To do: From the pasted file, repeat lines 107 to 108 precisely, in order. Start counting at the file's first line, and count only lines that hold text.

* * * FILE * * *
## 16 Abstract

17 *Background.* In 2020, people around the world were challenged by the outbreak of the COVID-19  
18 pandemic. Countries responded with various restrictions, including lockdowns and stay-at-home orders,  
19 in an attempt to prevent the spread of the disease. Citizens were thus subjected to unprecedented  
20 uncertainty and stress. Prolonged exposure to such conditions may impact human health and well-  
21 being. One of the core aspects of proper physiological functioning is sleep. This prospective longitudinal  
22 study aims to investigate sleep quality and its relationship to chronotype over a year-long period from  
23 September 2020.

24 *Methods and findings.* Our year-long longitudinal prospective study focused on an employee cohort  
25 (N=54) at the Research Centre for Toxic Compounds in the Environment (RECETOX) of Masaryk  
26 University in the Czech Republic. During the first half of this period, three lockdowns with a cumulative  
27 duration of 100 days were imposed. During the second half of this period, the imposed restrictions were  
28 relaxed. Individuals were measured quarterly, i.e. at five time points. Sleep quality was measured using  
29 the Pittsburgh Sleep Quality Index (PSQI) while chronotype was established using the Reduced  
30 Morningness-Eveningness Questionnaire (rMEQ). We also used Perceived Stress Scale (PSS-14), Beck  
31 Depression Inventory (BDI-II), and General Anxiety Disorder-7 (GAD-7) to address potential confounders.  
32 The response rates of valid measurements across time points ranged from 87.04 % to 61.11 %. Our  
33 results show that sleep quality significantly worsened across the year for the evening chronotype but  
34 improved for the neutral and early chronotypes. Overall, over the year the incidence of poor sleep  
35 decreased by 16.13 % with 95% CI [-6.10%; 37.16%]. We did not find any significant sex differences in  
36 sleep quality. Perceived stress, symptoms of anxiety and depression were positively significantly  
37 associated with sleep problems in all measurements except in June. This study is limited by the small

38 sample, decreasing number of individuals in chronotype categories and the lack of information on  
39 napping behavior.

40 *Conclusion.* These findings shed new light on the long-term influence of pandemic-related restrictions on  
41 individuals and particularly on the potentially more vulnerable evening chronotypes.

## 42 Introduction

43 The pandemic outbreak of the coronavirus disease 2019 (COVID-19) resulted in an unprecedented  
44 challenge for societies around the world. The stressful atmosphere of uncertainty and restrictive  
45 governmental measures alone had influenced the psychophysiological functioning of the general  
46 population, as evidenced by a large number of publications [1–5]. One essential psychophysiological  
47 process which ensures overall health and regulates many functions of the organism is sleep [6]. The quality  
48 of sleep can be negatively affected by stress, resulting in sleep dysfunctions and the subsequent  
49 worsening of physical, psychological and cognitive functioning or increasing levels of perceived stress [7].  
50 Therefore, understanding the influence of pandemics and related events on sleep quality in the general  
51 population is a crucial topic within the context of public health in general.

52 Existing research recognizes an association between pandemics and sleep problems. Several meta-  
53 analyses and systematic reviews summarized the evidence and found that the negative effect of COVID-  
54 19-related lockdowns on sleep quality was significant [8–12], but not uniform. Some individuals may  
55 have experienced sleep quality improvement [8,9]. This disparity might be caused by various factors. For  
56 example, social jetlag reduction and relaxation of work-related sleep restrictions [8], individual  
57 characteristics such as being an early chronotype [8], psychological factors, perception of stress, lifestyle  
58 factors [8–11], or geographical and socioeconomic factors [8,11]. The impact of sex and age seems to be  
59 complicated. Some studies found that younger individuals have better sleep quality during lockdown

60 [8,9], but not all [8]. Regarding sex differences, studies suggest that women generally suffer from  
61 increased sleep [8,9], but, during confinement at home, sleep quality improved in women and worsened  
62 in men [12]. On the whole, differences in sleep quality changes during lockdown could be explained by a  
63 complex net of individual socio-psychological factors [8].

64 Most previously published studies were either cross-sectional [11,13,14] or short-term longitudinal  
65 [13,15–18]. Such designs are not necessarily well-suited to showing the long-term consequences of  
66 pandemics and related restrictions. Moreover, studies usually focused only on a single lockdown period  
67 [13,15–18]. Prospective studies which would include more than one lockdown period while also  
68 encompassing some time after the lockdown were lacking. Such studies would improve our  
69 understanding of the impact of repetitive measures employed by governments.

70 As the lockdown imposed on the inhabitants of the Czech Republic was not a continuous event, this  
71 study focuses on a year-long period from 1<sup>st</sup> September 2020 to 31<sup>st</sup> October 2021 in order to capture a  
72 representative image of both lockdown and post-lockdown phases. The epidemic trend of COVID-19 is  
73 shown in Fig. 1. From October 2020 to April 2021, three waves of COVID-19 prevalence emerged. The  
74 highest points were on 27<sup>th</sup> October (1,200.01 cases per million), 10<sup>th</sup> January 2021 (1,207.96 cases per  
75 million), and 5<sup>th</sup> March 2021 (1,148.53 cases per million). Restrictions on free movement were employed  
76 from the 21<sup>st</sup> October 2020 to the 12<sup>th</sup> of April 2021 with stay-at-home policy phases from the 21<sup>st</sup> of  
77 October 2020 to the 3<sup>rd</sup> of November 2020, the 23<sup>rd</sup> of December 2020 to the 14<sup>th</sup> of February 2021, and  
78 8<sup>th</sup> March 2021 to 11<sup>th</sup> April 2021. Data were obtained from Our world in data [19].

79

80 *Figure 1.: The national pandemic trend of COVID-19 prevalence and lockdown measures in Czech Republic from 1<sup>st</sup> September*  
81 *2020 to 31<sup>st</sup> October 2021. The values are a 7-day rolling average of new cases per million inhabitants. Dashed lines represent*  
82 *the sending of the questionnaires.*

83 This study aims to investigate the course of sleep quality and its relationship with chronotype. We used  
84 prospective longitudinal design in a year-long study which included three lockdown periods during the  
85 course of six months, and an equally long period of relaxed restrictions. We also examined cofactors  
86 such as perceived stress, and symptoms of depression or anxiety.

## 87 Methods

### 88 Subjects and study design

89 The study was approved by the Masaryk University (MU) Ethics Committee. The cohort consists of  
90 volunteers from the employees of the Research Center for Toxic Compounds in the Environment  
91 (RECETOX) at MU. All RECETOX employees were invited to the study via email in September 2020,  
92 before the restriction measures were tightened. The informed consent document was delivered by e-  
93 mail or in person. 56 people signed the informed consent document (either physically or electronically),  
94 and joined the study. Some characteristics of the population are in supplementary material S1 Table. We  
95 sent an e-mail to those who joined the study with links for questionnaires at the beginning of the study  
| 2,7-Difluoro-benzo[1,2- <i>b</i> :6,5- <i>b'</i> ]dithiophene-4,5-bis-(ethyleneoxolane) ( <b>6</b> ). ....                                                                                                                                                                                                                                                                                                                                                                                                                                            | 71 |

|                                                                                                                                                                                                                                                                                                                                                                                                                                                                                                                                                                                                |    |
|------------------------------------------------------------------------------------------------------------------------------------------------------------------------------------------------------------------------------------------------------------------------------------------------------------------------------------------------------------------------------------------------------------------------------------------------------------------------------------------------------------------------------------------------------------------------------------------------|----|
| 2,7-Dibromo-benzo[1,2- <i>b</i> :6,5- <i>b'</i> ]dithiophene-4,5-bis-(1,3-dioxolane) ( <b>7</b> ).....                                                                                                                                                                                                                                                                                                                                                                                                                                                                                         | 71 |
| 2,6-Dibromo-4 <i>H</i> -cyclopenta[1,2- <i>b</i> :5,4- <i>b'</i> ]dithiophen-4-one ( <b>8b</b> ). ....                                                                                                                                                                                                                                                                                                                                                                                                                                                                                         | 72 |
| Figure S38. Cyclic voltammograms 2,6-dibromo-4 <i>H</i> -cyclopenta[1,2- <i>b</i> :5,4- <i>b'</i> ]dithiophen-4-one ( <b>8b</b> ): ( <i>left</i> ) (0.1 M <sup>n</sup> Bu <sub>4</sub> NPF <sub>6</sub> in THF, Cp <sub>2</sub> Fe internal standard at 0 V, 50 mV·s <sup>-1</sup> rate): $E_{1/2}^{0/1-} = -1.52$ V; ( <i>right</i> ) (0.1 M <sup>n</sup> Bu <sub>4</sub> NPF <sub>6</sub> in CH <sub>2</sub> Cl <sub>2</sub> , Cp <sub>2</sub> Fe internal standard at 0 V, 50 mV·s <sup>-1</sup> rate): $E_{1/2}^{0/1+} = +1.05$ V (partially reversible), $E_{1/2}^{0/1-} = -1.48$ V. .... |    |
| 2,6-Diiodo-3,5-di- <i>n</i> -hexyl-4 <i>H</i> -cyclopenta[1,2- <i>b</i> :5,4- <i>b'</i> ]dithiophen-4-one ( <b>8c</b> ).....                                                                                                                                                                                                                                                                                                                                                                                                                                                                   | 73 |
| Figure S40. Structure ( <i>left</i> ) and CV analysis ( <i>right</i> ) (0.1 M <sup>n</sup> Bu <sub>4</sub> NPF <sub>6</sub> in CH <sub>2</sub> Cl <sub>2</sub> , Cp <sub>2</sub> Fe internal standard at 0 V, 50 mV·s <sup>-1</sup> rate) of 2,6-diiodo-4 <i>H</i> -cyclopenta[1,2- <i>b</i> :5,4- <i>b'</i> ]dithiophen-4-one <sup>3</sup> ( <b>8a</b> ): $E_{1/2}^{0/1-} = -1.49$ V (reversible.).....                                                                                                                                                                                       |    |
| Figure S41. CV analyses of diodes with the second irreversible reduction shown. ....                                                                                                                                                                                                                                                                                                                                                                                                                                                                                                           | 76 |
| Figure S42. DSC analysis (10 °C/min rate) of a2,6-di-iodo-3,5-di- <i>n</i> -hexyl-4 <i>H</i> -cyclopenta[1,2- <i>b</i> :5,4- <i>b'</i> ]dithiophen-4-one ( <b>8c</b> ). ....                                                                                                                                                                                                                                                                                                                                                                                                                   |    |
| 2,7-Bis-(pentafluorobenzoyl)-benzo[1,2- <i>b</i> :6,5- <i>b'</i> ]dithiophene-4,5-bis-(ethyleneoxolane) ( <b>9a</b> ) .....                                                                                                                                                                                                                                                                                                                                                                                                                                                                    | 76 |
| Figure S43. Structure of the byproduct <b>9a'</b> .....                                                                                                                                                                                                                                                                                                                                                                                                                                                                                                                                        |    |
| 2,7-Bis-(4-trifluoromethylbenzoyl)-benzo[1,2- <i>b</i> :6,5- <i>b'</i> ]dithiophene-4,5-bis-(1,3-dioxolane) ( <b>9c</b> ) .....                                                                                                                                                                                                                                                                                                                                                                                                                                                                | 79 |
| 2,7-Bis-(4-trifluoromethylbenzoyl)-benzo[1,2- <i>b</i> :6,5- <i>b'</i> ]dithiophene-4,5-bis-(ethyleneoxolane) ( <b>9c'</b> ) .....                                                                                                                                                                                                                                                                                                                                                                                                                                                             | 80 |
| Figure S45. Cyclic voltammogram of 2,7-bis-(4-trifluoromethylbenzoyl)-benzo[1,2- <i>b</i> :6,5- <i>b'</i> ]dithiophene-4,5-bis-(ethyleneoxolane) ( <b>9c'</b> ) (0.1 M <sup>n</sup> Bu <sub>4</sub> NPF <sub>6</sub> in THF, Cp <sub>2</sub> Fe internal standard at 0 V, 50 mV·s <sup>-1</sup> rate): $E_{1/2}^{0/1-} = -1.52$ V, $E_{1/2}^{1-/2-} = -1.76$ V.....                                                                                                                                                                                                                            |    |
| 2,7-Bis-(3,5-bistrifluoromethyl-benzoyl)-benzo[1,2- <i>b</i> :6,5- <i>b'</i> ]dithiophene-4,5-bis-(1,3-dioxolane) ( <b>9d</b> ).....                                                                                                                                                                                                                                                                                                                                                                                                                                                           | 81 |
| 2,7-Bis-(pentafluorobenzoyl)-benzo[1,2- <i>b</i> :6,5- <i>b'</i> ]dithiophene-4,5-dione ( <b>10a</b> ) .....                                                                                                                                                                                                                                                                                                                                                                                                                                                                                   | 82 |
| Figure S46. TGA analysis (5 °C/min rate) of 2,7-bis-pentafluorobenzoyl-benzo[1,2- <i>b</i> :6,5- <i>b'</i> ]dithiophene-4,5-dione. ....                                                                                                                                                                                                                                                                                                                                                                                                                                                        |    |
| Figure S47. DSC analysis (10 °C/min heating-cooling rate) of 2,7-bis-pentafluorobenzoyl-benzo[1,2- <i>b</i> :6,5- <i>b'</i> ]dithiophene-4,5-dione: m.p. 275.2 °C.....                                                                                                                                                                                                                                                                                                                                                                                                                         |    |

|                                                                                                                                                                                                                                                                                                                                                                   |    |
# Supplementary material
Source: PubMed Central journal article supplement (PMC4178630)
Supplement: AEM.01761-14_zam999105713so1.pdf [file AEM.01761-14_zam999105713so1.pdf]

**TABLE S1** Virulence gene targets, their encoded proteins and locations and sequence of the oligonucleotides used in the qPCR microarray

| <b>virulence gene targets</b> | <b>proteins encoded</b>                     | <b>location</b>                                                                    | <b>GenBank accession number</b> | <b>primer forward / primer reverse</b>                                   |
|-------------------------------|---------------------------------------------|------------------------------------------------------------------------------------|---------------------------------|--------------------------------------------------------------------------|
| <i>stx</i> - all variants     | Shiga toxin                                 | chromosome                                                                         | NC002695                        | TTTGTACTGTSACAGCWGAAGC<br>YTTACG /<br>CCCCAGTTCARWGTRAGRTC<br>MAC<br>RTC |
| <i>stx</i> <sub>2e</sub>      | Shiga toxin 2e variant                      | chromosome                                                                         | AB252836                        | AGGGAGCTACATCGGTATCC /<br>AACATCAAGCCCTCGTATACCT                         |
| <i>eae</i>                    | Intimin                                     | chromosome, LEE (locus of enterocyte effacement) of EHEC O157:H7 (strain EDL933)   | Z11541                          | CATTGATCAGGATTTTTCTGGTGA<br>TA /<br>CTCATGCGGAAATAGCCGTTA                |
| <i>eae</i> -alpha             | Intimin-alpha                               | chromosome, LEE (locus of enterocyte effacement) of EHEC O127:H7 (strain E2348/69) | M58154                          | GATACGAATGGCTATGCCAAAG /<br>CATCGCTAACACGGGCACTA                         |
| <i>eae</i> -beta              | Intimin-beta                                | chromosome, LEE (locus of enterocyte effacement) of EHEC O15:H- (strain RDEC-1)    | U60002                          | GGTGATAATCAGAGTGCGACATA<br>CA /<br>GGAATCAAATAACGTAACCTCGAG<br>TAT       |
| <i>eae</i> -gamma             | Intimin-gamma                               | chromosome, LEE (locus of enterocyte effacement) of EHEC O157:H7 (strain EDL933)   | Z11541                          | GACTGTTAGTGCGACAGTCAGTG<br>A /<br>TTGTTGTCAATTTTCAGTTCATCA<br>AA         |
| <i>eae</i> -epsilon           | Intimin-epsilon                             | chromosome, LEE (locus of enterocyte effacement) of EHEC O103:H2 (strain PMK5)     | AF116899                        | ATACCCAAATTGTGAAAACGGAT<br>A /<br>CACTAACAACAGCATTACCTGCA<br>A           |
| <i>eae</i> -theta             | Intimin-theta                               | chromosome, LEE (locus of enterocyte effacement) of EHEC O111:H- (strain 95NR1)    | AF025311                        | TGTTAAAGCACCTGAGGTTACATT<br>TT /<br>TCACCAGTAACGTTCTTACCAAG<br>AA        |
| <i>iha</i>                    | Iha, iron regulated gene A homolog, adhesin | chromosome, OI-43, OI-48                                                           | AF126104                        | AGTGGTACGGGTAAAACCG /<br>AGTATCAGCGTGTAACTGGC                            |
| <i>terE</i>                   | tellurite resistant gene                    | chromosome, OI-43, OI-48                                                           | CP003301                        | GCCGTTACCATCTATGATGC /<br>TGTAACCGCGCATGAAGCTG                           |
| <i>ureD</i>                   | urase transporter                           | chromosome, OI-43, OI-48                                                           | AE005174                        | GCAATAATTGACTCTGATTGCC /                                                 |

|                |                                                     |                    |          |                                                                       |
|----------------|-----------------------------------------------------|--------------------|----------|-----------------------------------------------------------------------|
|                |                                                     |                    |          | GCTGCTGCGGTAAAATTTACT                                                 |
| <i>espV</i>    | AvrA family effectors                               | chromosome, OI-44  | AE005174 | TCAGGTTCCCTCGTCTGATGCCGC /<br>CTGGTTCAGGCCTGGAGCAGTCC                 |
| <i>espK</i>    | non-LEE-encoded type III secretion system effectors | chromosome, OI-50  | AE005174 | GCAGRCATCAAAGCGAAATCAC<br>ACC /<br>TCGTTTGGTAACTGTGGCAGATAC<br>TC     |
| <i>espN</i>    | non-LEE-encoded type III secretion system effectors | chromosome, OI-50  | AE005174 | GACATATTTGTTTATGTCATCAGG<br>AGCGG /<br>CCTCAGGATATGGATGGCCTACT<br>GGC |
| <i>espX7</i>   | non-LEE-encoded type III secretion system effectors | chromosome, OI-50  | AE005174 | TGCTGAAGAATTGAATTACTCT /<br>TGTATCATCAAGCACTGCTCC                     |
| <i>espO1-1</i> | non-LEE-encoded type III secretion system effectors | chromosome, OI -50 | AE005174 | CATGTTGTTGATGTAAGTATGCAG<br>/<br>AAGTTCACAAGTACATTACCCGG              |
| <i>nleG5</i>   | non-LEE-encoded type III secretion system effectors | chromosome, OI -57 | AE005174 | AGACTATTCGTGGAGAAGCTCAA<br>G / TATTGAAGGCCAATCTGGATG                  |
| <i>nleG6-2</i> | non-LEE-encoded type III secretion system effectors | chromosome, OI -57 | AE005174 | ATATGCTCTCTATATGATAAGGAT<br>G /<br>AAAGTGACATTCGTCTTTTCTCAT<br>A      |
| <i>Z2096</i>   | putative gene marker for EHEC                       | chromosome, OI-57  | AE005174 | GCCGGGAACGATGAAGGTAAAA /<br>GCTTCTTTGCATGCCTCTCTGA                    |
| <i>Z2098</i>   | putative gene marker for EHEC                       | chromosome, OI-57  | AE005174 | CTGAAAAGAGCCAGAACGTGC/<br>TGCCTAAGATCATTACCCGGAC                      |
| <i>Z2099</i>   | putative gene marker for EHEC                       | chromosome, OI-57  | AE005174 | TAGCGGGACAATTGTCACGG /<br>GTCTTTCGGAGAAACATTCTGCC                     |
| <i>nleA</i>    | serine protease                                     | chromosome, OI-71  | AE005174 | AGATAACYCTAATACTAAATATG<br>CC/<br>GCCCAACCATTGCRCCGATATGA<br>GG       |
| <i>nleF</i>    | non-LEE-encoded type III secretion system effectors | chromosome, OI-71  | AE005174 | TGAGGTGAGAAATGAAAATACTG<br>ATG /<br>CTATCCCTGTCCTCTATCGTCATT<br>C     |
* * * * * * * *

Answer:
| <i>stx</i> - all variants     | Shiga toxin                                 | chromosome                                                                         | NC002695                        | TTTGTACTGTSACAGCWGAAGC<br>YTTACG /<br>CCCCAGTTCARWGTRAGRTC<br>MAC<br>RTC |
| <i>stx</i> <sub>2e</sub>      | Shiga toxin 2e variant                      | chromosome                                                                         | AB252836                        | AGGGAGCTACATCGGTATCC /<br>AACATCAAGCCCTCGTATACCT                         |